However, the cost of living might still be high in outlying areas, and you might cringe at the thought of living too far from a city center. After all, what's the point of living in the metropolitan area if you're too far to enjoy its benefits?
3. Which city is right for me?
Deciding which city is right for you is a very personal decision, so consider what's important to you. Will you have good job prospects in a new city? Will you have access to the little things you want, like local SoulCycle classes? Here are some of the factors you may want to think about:
The value of a dollar: A cost-of-living calculator shows what you need to earn to make a comparable living in another city. For example, according to CNN Money's calculator, if you moved from Los Angeles to Chicago, your housing costs could shrink by about 35 percent, and transportation and health care costs could shrink by about 10 percent.
Your ability to buy a home: Some people choose to move cities because they'd like to buy property but have been priced out of homeownership.
As you contemplate a potential move, you can get a general sense of whether the cost of housing is increasing or decreasing in a given city by looking at the S&P/Case-Shiller Home Price Index (this index tracks home prices across the country, so simply look at the graph to see if prices are trending upward or downward in your city of choice).
You can also check out the "affordability grades" of major cities, as this compares median salaries with median home prices to indicate if the average person could afford a home.
There's also a mathematical formula that can help you decide whether it's more cost-effective to rent or buy, based on how long it'd take for your rent payments over time to equal the cost of your home.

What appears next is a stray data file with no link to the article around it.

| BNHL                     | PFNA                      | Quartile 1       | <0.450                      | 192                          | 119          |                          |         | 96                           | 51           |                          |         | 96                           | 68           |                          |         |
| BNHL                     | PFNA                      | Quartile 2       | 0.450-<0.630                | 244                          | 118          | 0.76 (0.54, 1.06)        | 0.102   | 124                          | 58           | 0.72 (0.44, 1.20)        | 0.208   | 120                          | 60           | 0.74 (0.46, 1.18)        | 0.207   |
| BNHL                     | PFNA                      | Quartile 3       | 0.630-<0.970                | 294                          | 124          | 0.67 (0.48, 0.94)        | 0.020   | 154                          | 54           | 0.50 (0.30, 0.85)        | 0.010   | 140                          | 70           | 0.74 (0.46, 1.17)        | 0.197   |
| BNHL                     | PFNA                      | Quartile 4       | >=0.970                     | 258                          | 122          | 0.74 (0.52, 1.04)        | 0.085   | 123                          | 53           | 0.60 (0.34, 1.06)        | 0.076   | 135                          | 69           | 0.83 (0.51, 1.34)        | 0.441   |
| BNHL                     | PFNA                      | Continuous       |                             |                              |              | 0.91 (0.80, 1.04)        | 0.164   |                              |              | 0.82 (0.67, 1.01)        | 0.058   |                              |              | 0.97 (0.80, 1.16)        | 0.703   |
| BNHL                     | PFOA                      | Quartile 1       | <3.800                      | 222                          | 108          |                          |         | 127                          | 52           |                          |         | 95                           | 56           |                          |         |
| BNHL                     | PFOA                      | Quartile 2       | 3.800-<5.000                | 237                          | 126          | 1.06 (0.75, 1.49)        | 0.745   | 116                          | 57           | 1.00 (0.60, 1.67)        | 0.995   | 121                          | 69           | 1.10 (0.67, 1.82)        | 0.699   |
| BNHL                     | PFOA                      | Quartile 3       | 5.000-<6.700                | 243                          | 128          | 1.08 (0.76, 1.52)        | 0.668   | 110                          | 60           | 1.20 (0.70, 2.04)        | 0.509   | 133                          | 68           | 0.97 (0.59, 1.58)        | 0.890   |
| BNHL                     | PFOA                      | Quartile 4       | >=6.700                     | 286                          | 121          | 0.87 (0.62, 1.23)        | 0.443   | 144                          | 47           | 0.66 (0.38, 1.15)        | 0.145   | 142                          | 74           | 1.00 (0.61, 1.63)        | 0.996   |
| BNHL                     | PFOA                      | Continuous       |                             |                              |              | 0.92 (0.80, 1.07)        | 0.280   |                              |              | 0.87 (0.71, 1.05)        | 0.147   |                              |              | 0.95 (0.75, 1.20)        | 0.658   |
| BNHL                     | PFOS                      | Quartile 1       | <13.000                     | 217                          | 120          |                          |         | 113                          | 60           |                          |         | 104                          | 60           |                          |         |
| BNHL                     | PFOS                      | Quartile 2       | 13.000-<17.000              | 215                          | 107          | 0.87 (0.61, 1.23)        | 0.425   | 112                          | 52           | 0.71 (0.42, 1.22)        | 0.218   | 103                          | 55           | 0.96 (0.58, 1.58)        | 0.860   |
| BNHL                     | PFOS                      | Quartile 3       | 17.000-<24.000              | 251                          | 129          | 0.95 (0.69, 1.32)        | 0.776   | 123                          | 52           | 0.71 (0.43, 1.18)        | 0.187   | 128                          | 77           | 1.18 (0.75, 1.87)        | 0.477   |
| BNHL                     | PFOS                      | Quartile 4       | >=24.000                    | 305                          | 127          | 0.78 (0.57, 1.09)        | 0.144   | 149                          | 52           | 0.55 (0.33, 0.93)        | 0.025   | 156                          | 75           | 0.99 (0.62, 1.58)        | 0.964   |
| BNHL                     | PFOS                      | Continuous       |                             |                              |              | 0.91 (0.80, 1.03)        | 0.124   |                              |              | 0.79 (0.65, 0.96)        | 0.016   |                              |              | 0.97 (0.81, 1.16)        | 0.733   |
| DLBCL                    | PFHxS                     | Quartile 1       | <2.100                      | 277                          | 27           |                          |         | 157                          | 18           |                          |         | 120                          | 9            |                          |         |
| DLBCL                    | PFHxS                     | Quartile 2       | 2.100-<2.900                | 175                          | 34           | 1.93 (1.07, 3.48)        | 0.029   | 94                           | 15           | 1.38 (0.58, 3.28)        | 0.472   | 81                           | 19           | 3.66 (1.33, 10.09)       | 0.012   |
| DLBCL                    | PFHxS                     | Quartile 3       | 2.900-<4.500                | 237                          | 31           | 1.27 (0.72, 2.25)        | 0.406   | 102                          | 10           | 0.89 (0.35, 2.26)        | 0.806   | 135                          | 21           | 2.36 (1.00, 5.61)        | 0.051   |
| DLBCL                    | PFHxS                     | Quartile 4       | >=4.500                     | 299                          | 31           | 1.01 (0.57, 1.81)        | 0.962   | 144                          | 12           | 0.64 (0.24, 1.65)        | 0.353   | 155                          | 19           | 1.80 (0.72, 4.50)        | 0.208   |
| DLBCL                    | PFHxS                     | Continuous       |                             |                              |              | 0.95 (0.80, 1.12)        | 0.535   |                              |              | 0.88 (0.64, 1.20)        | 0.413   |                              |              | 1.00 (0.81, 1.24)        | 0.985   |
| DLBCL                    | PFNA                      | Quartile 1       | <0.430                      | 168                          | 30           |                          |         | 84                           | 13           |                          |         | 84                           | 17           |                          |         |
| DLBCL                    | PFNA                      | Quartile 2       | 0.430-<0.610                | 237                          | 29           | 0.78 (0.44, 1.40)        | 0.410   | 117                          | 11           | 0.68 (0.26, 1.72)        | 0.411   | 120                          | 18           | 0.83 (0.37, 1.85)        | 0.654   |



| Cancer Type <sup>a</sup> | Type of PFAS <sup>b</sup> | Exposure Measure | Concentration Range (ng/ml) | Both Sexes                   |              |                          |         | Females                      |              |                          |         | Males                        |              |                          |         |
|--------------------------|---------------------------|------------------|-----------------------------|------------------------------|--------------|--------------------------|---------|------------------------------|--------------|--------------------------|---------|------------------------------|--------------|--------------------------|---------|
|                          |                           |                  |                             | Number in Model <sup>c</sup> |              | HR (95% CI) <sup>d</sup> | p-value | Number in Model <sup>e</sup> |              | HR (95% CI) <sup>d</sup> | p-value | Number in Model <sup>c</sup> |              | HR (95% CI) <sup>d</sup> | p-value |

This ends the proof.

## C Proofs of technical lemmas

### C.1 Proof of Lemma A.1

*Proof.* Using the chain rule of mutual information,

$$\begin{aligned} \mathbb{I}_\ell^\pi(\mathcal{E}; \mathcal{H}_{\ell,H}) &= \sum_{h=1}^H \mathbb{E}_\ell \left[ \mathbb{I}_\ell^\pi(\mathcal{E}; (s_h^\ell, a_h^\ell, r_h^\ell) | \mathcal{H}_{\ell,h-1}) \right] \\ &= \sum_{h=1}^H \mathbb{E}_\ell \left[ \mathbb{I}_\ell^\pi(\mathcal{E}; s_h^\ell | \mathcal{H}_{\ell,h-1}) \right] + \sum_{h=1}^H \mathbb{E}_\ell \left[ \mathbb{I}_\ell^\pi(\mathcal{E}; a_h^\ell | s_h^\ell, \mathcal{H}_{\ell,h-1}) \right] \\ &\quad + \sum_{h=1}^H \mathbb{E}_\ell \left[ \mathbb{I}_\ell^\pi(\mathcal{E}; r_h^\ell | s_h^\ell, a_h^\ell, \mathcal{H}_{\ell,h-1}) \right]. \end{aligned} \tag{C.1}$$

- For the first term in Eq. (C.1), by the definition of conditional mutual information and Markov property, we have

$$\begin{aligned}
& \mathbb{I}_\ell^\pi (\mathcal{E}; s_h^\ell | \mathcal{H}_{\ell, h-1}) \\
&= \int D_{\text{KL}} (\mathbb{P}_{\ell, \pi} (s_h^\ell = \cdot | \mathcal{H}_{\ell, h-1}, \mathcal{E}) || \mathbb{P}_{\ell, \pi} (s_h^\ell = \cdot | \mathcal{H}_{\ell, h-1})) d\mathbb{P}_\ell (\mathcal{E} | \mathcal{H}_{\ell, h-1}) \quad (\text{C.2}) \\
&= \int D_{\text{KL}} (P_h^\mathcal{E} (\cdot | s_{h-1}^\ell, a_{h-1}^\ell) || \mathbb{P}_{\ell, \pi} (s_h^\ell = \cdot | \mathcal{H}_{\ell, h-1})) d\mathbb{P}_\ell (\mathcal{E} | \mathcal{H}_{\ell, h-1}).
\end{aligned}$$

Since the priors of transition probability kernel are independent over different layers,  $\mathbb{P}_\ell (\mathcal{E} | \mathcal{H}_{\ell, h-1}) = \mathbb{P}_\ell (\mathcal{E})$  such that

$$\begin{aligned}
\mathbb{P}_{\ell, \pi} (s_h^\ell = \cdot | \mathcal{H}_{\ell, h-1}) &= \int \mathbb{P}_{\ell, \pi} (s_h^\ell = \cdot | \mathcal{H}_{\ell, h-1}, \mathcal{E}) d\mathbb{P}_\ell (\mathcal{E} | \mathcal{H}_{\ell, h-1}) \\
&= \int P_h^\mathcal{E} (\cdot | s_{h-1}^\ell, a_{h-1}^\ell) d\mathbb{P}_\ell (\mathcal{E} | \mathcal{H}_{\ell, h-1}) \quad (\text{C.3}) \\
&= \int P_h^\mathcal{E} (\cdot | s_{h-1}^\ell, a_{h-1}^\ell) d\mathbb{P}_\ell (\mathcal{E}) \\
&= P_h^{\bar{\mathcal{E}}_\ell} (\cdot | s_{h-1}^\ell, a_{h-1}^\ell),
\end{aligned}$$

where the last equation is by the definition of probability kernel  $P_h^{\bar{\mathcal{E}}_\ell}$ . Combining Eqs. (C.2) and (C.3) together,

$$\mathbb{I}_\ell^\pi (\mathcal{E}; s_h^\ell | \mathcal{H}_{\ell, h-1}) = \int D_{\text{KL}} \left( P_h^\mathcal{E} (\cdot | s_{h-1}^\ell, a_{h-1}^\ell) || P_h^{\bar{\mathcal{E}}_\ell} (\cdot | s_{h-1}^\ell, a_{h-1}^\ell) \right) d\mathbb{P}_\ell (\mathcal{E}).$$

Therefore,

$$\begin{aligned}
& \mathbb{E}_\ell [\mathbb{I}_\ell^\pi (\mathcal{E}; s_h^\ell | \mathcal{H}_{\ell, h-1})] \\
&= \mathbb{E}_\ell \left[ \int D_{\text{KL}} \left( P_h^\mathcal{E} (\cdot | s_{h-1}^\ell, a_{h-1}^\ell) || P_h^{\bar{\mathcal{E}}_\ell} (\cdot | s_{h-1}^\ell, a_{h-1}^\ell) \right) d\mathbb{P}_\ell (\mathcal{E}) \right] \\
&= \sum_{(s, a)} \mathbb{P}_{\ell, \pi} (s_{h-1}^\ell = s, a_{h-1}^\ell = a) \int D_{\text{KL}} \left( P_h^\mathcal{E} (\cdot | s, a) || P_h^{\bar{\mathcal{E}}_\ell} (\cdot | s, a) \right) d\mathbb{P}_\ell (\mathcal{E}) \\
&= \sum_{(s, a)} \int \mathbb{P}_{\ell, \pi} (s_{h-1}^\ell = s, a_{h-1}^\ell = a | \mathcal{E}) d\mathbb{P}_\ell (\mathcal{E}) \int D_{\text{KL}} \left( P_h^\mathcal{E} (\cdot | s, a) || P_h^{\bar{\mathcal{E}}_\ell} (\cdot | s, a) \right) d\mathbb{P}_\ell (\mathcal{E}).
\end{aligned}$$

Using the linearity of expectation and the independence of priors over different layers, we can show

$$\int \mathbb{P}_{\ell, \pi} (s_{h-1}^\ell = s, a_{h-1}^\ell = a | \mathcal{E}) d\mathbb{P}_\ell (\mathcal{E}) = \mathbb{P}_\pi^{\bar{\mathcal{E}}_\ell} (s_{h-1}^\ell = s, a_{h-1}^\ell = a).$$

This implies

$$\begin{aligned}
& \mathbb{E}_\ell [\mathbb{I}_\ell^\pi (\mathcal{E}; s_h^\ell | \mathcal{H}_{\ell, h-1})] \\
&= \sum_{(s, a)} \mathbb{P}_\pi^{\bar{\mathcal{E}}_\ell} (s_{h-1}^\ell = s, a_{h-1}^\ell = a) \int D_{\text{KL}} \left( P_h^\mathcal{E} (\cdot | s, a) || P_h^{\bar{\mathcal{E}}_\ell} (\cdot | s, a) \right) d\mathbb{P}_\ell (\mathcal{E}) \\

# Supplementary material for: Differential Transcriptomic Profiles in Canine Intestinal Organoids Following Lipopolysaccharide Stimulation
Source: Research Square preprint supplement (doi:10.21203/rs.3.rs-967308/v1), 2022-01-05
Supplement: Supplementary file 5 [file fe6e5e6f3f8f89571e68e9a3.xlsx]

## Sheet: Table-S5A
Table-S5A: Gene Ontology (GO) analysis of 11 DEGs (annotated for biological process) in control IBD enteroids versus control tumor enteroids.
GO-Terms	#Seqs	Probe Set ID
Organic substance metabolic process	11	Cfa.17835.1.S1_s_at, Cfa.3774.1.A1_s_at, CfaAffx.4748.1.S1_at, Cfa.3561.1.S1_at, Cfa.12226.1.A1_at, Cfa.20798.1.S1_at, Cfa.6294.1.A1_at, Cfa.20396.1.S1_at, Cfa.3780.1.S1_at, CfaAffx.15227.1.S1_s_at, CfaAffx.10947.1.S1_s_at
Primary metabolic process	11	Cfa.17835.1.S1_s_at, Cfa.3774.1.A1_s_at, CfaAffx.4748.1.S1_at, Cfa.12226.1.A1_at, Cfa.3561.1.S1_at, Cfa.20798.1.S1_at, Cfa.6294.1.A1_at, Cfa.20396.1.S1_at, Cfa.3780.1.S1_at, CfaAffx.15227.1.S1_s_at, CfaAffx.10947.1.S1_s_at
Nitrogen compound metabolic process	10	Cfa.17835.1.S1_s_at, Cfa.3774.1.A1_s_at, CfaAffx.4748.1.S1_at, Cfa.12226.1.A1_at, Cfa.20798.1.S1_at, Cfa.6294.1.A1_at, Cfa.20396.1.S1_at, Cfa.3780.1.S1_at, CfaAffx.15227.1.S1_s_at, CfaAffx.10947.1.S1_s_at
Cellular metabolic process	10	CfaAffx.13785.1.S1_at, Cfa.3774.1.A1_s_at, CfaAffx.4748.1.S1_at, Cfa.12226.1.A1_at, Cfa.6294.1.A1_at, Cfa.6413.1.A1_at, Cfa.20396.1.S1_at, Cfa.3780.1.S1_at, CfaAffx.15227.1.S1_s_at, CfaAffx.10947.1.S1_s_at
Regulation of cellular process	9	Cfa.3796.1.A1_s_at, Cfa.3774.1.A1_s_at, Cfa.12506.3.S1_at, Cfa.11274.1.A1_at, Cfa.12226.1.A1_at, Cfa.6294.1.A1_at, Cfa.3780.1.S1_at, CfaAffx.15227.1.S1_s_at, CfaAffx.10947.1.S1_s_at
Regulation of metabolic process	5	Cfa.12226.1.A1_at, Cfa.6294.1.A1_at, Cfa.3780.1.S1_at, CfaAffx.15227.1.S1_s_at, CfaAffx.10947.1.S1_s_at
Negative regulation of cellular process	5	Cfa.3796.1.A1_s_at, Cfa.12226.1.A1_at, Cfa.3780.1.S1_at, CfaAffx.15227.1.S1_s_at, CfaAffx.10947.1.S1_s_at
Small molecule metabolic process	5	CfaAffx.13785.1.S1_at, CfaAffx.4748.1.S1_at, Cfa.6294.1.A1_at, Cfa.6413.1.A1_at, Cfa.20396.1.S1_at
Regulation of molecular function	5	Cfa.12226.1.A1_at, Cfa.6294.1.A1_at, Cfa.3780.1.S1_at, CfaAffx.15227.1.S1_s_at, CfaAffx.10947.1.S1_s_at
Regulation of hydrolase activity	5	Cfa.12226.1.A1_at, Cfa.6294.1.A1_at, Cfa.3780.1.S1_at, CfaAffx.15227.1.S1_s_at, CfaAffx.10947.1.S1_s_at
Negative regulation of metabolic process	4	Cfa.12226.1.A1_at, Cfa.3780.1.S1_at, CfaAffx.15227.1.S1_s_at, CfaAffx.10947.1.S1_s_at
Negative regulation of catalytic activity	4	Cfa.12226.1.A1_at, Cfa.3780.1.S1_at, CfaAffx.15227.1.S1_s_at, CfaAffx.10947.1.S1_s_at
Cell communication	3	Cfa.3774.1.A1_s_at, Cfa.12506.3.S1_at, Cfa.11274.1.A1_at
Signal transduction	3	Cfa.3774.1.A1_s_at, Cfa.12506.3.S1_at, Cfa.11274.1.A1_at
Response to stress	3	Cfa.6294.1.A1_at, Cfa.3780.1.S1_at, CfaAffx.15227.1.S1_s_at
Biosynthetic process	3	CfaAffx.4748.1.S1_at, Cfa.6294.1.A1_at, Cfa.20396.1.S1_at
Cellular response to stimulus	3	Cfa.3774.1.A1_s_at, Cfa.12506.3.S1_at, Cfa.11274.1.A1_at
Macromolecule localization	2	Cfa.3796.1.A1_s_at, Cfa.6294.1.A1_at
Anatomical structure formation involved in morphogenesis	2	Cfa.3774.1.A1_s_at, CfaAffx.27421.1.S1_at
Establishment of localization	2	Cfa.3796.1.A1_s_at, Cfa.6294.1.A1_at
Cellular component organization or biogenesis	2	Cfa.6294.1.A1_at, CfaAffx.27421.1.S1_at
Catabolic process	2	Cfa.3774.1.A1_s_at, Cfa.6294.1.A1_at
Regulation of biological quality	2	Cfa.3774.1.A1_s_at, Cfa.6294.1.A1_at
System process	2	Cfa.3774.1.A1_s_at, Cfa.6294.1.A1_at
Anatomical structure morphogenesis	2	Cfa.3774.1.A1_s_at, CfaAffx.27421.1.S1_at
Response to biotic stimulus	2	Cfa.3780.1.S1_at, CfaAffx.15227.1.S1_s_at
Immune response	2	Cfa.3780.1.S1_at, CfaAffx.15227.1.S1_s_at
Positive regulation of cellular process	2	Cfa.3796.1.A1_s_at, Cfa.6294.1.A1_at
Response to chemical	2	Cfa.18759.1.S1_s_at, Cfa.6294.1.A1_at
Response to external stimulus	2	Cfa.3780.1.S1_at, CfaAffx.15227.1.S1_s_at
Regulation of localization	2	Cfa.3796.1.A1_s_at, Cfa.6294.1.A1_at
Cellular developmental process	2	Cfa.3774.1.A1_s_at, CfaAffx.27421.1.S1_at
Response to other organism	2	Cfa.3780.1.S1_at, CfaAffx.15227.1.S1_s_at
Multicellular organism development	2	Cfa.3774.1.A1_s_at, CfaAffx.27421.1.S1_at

Realtor.com's Rent vs. Buy Calculator lets you enter a rent versus the cost to buy a home in a particular area, and the calculator will inform you which option may be better.
Job prospects: If you plan to move with a spouse or partner, think about whether you might find work and whether he or she will, too.
Carbonaro recommends against moving to a new city without a job because you'll probably be asked for proof of income or employment if you want to rent or buy a home.
Here are some other questions to consider:
- Can your job transfer you there?
- Are your skills in demand there?
- Can you work from home, so maybe it doesn't matter where you're based?
Taxes: When someone moves across the country, taxes aren't usually the main reason. But differing state tax laws can make a significant impact, Carbonaro says. For example, Florida has no state income tax, so you may save if you move from a state that collects income tax, like California or New York.
She recommends working with a financial planner to sort out the nuances of your own potential move, as advisers usually have software that can model various scenarios for your situation.
At the end of the day, it's important to ask yourself what you're truly looking for. Are you only looking to lower your costs? Or are you searching for something else, such as better access to the outdoors or closer proximity to loved ones?
The decision to uproot your life is a major one and shouldn't be taken lightly. If all you're looking for is a slightly cheaper cost of living, there are ways you can save money by budgeting or find a better deal when looking for somewhere to live.